Weather changed.  Vote was cast. The `Care’ Bill came in afore the new Bluer-than-Blue Tide.
Have our rights to Independent Living gone whistling in that wind?
We cannot remain plundered.
It is time to take back, push forward.
Raise the cutlass.
Skull & Crossbones flag still flutters and the storm will rage again.
The spirit of our fallen crew will not rest;
So we breathe the salty air, dust off sand, hoist anchor and set sail AGAIN because this
Battle is not yet over. This tide must be turned...

Posted by Colin Hambrook, 2 June 2015

Last modified by Colin Hambrook, 15 June 2015

Ambitious? For many disabled people, our main ambition is to stay well and keep going!

photo of Sophie Partridge looking from beneath the armpit of the large puppet Semmersauq

I don’t think of myself as being ambitious but thought I’d look it up – just to check! This is what the online dictionary said about it.

Ambition, noun the object, state, or result desired or sought after: 
Interesting, a challenge for me personally as I think half (of what I consider to be my) lack of ambition, is not knowing what the desired result is... 

Desire for work or activity:
Okay so this is more like it!  Something tangible, something I can relate to. And finally...

To seek after earnestly; aspire to: 
Crikey!  So what is it I’m seeking?  Do I really aspire to anything?..

I think for many disabled people such as myself, our main ambition is to stay well and keep going! Everything else is a bonus... So with that in mind, I’ll go with the second definition! 

I wrote my latest piece, Song of Semmersuaq for myself to perform with puppets.  This was for me I think, quite ambitious – wanting to create something for me and perhaps the height of Semmersuaq reflects my alter-ego?!  Who knows...  Personally, the word ambition conjures up images of big people doing big things!  In the Arts – especially perhaps DIsArts there are those High Achievers who seem so confident, who get the big funding and make big bold work – under-water w/chairs etc. I’d drown. Really!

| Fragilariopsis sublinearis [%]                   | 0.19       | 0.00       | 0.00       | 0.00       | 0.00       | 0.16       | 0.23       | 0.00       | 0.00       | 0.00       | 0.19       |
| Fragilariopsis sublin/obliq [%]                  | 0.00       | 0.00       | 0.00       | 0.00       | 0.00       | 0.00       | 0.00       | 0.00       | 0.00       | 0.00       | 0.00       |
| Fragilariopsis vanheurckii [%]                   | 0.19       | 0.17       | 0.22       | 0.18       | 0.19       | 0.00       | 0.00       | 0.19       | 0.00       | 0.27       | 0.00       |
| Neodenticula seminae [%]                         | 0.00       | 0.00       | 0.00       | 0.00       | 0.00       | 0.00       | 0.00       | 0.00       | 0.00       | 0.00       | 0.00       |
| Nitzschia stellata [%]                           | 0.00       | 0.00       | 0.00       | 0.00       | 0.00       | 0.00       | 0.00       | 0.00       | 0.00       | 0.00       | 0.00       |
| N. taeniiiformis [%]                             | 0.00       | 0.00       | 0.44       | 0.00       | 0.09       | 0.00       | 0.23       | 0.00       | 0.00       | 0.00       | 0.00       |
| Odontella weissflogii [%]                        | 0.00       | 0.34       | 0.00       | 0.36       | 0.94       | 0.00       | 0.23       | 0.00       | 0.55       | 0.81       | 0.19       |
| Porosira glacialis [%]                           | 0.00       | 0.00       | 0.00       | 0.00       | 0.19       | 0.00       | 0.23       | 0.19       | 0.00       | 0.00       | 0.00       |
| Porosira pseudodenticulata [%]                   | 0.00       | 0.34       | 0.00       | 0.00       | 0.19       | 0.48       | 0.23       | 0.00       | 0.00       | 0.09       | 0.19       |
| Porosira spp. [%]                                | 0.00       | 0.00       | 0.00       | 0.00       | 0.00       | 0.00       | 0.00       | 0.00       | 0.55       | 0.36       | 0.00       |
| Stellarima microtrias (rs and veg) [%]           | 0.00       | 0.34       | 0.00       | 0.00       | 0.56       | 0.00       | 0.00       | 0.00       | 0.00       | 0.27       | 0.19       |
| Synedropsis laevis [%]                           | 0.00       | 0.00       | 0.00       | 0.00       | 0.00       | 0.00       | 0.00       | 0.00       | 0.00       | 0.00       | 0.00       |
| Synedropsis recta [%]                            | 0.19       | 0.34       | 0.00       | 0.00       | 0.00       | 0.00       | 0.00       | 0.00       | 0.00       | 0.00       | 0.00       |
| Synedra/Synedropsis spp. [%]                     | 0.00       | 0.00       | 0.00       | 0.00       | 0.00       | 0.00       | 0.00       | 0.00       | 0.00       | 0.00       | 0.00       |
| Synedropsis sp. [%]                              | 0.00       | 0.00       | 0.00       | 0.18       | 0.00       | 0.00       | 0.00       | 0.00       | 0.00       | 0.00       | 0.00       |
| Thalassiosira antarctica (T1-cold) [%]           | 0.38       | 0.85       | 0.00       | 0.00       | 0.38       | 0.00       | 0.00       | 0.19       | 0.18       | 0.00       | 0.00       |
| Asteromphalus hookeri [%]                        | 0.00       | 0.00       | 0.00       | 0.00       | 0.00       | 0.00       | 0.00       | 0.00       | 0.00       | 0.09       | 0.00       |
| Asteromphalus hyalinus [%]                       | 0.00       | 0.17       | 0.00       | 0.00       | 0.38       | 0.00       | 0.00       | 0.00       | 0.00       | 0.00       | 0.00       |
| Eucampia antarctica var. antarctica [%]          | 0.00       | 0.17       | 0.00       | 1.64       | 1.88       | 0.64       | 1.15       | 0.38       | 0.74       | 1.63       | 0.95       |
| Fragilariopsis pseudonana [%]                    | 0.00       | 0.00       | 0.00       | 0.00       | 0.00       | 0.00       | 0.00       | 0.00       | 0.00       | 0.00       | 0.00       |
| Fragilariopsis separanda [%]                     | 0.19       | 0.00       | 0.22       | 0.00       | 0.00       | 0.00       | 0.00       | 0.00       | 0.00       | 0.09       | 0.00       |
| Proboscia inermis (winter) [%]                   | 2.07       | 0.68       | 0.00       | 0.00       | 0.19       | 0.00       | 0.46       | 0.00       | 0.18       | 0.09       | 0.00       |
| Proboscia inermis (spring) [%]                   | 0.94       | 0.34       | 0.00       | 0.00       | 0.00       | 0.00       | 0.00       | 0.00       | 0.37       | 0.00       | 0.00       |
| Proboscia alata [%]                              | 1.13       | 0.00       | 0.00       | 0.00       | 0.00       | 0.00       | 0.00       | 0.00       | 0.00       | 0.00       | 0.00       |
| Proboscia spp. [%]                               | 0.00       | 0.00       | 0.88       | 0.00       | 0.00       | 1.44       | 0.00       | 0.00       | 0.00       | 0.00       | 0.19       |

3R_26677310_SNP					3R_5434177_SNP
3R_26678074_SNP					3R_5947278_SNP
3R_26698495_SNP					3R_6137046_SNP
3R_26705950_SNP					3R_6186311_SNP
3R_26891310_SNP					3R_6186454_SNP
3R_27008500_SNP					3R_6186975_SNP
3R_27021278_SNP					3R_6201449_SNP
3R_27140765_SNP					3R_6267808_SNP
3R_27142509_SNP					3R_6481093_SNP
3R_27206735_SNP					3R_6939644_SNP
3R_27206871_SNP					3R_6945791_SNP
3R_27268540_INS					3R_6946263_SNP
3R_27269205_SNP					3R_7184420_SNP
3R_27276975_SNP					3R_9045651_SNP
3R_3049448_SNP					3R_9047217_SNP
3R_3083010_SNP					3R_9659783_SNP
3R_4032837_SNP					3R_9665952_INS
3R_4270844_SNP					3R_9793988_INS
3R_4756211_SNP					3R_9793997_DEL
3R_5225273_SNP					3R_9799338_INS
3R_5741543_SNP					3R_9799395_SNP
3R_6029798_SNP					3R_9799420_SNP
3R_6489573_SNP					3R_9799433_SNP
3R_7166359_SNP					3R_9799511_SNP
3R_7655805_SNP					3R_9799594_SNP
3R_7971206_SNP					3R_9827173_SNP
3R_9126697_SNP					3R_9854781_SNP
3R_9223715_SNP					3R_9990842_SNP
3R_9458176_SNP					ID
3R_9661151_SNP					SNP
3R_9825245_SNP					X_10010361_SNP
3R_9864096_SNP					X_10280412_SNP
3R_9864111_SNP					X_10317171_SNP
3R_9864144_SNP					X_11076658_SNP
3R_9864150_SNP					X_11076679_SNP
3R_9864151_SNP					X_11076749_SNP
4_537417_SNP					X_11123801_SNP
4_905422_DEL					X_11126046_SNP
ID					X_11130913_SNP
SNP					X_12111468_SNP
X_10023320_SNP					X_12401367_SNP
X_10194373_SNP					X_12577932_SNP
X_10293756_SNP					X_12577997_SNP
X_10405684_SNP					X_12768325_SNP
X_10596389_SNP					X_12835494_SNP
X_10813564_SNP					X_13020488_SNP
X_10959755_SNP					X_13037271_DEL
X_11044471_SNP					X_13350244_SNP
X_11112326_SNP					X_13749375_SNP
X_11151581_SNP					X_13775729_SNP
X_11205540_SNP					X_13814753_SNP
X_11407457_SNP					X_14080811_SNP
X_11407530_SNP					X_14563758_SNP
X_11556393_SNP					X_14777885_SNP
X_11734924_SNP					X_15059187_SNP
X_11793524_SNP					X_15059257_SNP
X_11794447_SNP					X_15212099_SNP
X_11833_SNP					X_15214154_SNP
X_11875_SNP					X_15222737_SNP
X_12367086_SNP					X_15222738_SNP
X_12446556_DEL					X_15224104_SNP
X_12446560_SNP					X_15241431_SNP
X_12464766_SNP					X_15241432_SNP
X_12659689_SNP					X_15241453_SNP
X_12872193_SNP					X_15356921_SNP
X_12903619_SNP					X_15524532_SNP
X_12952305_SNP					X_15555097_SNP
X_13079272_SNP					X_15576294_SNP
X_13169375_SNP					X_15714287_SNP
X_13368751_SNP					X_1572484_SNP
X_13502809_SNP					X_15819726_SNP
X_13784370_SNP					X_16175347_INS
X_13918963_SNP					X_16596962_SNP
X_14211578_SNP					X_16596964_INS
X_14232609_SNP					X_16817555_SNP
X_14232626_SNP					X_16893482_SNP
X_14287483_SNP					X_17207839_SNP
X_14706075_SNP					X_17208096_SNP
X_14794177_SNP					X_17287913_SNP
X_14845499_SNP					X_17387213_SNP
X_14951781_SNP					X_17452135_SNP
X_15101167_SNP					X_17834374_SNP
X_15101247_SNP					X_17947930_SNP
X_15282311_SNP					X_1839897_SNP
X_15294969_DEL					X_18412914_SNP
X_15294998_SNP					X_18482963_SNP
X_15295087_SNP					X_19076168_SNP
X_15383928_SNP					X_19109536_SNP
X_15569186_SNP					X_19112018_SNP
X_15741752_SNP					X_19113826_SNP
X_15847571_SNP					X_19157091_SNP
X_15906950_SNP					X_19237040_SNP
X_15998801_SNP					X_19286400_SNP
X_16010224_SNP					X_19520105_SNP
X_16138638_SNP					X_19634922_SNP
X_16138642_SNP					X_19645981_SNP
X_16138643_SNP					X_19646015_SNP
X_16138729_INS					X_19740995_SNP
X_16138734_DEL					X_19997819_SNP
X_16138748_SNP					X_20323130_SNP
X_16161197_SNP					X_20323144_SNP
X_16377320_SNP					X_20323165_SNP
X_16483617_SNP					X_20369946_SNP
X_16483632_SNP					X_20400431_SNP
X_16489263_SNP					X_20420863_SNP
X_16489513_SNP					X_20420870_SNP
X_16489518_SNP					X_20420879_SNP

Of course all that’s great and I’m happy for others to do that but it’s not for me. I read somewhere once that Writers write, what they themselves want to read – so in that case I make work for small fluffy ladies!  Something of a niche market! I like to think though, that there’s a bit more to it than that and aim to work with Universal Truths. I hope what I do is okay; we are all individually unique.

It feels important to acknowledge what barriers stop our ambition, in order to overcome them.  Also that I feel I’m probably my own worst enemy!  Having just officially reached my mid-40s, perhaps it’s time to get a little ambitious; just a little. 

Having somewhat stumbled through my work – my career (a word which 20 years ago, I never would have thought applicable) almost by happy chance - I do wonder what could have been shown to me those 20 years ago, perhaps even earlier, that may have encouraged my ambition then? Initiatives like Shape's Creative Steps programme?  Seeing other disabled Creative Practitioners?  Perhaps minor funding streams that offered paths en route to bigger pots of money; greater exposure so individuals can make their own journeys at a pace right for them. I think we can certainly do with those now, irrespective of what-ever age we are.

I want to see young disabled people come into the Arts and excel; for them to have the ambition I have possibly lacked over the years because hopefully, some of the barriers us Oldies have faced, are slowly being dismantled. I have never looked for role-models, never quested to be inspired; I’d much rather learn. Yet I do like to search for Mini-Me’s! Being my size, that’s actually quite a challenge but every so often a younger person appears who, not necessarily physically, reminds me of my former self and and I want to see them do well in this profession. Shape, Candoco and Graeae now have extensive youth programmes, as do Drake Music which I have recently become involved with and I do feel these projects are key to unlocking creative ambition. Of course the work has to follow, for that ambition not to be thawted...

Which brings me back to the definition above and my own work. Quite often I find myself saying Yes to anything & everything I’m offered! My first professional acting job was playing a character called Far Away Alice – aka The Scary Fairy – in a `horror’ piece with the David Glass Ensemble!  This actually, was an incredibly hard but great opportunity at the time. However my days of being carried around on stage, are hopefully over and I’d like to think I can be more discerning in the work I do.